In a de-Christianized and anti-clerical France, it is not good form for a clergyman to be in the spotlight, all the more so if he is the champion of an uninhibited Catholicism, solidly anchored in national traditions.
Father Matthieu Raffray—a priest of the Institute of the Good Shepherd, an apostolic life society with a traditionalist inclination—has learned this the hard way. He has been the subject of a smear campaign by some in the left-wing media in recent months as his popularity in France has grown.
Father Raffray became known to the general public in 2020 following an interview with the famous French YouTuber Baptiste Marchais, during which he pleaded for a return of “virile Catholicism” and patriotic sentiment in the Catholic ranks. Particularly popular with young people, almost all of his interviews garner hundreds of thousands of views.
From divisions within the Church to societal and political issues, to the most profound spiritual questions, this priest leaves no subject untouched and captures audiences with his audacity and outspokenness, even though Church hierarchy is often criticized for letting itself be dominated by political correctness and passing fashions.
This sudden popularity has not gone unnoticed by the mainstream press, which has already identified him as a new leader of right-wing Catholics.
Born in 1979 into a family of nine children, Matthieu Raffray studied mathematics before being ordained a priest in 2009. He holds a doctorate in philosophy and teaches at the Pontifical University of Saint Thomas Aquinas (Angelicum) in Rome.The European Conservative interviewed him against the backdrop of increased divisions within the Catholic Church after Pope Francis sharply curtailed the celebration of the Traditional Latin Mass. We discussed his views on the political situation in France after the recent presidential elections; and on the growing infatuation of European youth with the traditionalist Catholic movement.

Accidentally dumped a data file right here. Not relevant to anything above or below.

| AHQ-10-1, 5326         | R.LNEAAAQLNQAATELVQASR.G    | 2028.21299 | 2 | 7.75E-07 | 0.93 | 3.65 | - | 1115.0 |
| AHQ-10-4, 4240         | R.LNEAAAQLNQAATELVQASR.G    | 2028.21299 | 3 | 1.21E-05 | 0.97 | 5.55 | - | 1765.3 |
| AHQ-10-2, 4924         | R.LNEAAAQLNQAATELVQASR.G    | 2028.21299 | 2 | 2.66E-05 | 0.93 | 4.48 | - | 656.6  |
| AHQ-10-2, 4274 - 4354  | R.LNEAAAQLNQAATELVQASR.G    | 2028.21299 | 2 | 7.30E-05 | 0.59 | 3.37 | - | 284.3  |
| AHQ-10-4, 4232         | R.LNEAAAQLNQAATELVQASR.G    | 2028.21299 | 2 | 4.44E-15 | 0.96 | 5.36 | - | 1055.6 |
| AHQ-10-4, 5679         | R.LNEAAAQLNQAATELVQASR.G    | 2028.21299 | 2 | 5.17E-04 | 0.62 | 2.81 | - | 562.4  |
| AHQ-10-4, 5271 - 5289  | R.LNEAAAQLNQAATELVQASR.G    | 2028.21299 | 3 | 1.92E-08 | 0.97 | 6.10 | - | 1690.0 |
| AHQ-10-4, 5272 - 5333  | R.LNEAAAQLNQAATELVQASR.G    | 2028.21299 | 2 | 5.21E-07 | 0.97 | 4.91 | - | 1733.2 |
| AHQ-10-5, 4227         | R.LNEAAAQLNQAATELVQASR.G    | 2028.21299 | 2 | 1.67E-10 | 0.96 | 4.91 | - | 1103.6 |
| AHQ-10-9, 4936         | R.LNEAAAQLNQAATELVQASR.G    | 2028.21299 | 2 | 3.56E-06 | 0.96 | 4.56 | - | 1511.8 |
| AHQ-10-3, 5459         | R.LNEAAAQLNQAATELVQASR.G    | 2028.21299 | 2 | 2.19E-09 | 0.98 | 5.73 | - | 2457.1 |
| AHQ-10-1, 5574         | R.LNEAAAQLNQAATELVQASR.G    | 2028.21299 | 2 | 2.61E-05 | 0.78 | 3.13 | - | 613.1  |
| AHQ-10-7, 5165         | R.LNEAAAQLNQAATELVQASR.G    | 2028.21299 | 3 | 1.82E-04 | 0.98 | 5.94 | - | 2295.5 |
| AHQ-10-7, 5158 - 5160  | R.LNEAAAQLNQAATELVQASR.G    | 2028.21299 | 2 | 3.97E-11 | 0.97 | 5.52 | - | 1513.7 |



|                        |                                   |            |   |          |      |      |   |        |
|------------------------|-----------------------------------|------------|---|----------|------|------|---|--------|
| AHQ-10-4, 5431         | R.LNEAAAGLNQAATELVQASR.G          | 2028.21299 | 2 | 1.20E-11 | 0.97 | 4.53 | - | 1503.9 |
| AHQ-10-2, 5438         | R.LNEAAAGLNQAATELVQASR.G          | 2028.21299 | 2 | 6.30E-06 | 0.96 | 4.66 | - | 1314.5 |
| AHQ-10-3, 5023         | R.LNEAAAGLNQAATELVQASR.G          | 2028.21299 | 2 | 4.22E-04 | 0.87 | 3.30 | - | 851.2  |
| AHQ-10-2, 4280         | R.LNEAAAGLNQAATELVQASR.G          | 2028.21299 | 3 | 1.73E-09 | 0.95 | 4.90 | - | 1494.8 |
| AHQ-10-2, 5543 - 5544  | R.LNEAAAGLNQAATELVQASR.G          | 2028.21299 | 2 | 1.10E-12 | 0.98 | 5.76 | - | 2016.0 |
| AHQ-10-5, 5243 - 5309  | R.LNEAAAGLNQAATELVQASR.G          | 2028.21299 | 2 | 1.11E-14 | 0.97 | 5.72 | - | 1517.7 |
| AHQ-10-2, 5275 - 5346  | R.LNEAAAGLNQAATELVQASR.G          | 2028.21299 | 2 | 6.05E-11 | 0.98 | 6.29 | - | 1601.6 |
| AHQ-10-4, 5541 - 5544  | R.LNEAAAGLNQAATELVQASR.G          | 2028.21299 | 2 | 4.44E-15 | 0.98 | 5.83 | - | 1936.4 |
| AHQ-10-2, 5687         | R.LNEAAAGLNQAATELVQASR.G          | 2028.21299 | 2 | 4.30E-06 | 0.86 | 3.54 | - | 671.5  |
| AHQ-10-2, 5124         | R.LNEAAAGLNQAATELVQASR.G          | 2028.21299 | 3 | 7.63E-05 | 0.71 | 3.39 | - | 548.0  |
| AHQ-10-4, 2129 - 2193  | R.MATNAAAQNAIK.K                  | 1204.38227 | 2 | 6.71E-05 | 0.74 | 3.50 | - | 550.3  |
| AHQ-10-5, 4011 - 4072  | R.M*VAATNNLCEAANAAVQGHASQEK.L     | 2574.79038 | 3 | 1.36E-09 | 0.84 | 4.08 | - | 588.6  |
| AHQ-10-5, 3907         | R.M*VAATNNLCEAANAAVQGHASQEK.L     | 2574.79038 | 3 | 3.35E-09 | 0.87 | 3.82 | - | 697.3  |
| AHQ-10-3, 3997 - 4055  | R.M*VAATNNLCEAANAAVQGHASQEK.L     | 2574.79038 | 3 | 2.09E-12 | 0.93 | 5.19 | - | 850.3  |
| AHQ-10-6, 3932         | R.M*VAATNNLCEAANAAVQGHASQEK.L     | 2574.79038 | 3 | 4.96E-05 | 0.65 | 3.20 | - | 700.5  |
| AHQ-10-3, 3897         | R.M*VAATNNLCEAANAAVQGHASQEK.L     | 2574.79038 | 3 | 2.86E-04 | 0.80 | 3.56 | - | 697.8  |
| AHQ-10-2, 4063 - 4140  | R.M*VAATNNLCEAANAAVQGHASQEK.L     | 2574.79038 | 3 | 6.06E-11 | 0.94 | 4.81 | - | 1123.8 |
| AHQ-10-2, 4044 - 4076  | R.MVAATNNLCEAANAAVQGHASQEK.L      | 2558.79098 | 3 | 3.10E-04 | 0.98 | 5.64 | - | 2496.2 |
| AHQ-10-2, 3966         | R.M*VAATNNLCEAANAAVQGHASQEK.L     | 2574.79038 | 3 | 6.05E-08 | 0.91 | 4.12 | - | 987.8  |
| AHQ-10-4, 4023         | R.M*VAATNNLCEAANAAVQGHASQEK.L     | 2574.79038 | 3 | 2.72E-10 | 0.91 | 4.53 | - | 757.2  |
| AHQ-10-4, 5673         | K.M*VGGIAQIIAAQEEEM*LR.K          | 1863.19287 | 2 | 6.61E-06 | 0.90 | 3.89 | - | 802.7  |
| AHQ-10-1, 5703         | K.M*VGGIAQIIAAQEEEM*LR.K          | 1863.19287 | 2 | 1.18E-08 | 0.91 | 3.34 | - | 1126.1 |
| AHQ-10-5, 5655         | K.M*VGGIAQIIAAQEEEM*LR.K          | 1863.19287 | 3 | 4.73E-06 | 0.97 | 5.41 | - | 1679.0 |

It has been a year since the motu proprio Traditionis Custodes, which restricts the celebration of the traditional Latin Mass, was published. How has this changed your life?
Since the publication of the motu proprio, I have been engaged in a spiritual fight for the survival of the traditional liturgy for the benefit of the whole Church. It is true that Traditionis Custodes was a real shock for me, because the pope had never before expressed such a rejection of the traditional Mass. Considering how open the pope is to even the most outlandish progressive proposals, this text is still incomprehensible.
But in reality, it seems to me that the motu proprio has had a completely unexpected effect. For a year now, the traditionalist movement in the Church has returned to the forefront: the Mass and Liturgy have become subjects of primary importance for the whole Church. This hasn’t been the case so since Benedict XVI, who succeeded in imposing a kind of tacit acceptance of both forms of the rite. Over the past year, some theologians and bishops have unashamedly shown their real detestation of the Tridentine Mass!